These houses are also designed to produce zero carbon emissions as they are to be wholly powered by solar panels and methane gas from recycled human and animal waste.

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According to DARE, around 8000 bottles are used for a single house consisting of a living room, bedroom, kitchen and toilet. These plastic bottle houses are built in a typical North Nigerian circular style and look spectacular from outside with the round bottoms of the bottle exposed in the rays of the sun.

Apart from eco-conservation, the project also provides opportunities for uplifting the street children from the life of poverty by providing them with work. Instead of begging, the children can fill the bottles with soil and get paid for it.

While at the start of the program in December 2011 the project has received sceptical responses, it now counts over 20 readily-available houses that have become landmarks of attraction for spectators from across the country.

As Nuhu Dangote, a trader who travelled from the state capital Kaduna to see the house, said: “ I wanted to see this building for myself as I was surprised to hear it was built from plastic bottles…the whole world should come and look at it.”

According to Eco Nigeria, around 25 houses are expected to rise in the region. The project is also aiming to embark on a new stage – building of a school hall in Seluja at the Africa School of Excellence that will consist of 220,000 plastic bottles. “The project would take over 200,000 bottles out of landfills into education,” said Katrin Macmillan, a British environmental activist involved in the project.

Plastic bottled houses take this dangerous waste that takes hundreds of years to biodegrade and make it useful in ways of housing, employment, environmental protection and health. While Nigeria has already embarked on a path of reaching eco-friendly solutions to its challenges, it can become a model for other African countries how eco-conservatism can provide a combined way out of many African problems. While the project up to date remains limited in its extent, it still lights possibilities for Africans to shoot two, or as a matter of fact, even more birds, with one shot.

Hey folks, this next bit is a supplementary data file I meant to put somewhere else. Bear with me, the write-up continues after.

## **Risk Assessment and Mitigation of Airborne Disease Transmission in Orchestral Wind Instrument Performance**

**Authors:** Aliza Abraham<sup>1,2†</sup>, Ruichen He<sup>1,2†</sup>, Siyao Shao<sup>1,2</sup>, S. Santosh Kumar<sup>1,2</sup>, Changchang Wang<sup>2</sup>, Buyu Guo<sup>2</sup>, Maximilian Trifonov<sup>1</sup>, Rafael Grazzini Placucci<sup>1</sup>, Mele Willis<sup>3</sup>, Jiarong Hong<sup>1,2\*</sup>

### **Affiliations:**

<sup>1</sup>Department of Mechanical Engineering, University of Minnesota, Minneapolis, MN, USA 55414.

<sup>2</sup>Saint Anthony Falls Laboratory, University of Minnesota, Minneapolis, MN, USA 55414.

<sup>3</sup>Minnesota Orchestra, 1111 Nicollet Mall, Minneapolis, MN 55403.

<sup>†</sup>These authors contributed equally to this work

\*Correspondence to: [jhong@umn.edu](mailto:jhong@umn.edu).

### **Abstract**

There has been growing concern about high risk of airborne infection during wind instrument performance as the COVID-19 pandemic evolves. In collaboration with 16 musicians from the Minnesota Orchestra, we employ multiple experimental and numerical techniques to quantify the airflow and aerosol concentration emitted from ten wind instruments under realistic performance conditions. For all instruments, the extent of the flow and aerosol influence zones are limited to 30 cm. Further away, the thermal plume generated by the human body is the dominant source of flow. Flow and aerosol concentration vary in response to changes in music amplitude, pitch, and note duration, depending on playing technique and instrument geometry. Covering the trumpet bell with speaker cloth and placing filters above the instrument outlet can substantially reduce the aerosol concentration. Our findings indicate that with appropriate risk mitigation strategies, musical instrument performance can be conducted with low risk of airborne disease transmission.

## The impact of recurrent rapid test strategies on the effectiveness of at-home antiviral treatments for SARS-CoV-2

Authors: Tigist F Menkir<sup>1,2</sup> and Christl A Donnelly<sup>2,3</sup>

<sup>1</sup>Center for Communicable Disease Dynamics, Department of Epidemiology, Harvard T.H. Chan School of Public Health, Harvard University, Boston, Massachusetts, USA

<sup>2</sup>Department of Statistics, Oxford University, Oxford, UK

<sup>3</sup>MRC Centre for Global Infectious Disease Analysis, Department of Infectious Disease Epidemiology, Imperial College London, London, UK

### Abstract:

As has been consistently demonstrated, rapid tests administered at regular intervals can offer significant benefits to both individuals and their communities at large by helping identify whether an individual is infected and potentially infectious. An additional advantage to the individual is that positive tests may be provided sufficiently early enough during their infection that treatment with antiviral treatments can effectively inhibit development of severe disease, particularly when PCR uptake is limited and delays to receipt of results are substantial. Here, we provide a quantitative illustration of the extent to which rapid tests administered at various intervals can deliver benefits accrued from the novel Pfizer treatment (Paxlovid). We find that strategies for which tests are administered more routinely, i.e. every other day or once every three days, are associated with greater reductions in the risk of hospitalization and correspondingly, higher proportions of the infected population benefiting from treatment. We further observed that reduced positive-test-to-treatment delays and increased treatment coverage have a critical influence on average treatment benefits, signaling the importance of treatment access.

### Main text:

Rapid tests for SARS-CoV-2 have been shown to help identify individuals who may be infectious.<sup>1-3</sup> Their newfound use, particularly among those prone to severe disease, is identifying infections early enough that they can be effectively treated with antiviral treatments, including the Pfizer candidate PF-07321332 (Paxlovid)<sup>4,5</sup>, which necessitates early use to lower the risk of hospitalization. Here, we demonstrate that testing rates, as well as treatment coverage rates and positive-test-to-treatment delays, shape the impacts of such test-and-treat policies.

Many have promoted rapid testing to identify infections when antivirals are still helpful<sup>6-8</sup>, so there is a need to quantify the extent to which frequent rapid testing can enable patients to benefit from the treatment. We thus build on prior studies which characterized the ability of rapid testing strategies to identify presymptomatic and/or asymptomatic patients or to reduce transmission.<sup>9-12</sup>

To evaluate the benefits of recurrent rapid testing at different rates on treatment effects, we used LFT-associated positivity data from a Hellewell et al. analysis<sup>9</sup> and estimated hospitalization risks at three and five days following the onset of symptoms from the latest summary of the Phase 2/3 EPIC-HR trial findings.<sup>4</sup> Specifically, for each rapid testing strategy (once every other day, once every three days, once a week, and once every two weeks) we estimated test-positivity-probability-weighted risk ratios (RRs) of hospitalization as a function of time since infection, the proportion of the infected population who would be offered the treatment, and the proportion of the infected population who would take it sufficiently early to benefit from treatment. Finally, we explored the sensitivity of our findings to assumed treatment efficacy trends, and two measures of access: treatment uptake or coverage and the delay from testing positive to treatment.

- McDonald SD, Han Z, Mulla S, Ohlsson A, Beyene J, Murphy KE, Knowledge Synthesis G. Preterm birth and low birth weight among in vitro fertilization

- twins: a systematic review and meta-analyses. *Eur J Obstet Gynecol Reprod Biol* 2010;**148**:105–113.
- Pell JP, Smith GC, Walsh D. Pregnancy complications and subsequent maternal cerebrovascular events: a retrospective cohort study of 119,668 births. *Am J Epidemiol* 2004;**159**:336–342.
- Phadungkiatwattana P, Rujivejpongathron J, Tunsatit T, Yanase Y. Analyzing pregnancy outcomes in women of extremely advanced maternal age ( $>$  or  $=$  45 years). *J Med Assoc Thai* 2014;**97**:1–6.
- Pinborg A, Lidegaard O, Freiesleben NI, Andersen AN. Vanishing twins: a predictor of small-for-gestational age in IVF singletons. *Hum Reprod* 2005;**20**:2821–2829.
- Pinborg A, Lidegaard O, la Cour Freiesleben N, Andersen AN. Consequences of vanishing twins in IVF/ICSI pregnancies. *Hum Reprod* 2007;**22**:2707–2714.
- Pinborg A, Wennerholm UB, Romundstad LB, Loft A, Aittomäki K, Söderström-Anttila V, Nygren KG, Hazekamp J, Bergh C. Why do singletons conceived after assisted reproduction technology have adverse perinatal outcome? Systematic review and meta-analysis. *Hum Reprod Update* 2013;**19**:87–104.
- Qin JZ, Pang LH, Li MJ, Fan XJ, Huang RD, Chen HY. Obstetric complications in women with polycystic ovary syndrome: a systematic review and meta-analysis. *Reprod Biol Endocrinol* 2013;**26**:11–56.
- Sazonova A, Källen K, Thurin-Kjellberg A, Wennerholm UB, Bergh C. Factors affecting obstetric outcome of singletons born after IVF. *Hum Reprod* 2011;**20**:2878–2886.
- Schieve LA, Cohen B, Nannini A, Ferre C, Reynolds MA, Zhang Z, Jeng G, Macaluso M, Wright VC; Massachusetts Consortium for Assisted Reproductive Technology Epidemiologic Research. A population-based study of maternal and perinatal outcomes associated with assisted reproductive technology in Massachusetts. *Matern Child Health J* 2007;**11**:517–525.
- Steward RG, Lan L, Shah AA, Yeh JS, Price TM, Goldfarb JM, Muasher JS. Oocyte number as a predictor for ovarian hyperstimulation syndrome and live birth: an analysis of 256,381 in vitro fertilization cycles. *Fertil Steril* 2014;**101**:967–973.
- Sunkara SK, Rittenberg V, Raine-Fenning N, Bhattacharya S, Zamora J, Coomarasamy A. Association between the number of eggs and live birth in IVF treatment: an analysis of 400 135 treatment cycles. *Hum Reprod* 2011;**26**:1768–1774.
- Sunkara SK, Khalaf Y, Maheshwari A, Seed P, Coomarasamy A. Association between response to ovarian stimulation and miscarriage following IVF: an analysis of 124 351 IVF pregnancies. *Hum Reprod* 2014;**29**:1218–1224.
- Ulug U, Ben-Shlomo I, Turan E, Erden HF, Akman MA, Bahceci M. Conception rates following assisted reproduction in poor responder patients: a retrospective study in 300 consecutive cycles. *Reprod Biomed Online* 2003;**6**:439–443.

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Dominykas Broga is an international relations, conflict mediation and public engagement professional with previous experience in the United Kingdom, Geneva, Egypt and Lithuania. Prior to joining Amsterdam Group Public Relations Inc., Dominykas worked on projects ranging from the research on contentious politics to advocacy and public relations. Dominykas has expertise in international advocacy which he gained from the work experience at the United Nations. He also worked on the research project for Unilever Africa on the root causes of recent conflicts in six African countries and achieved wide-ranging understanding of the regional African politics. While spearheading the biggest monthly international students’ event in the UK, Dominykas worked on areas ranging from public engagement to media relations and online marketing. Dominykas received his BSocSc(Hons) degree in politics and international relations from the University of Manchester, and his master of science in conflict studies from the London School of Economics and Political Science (LSE).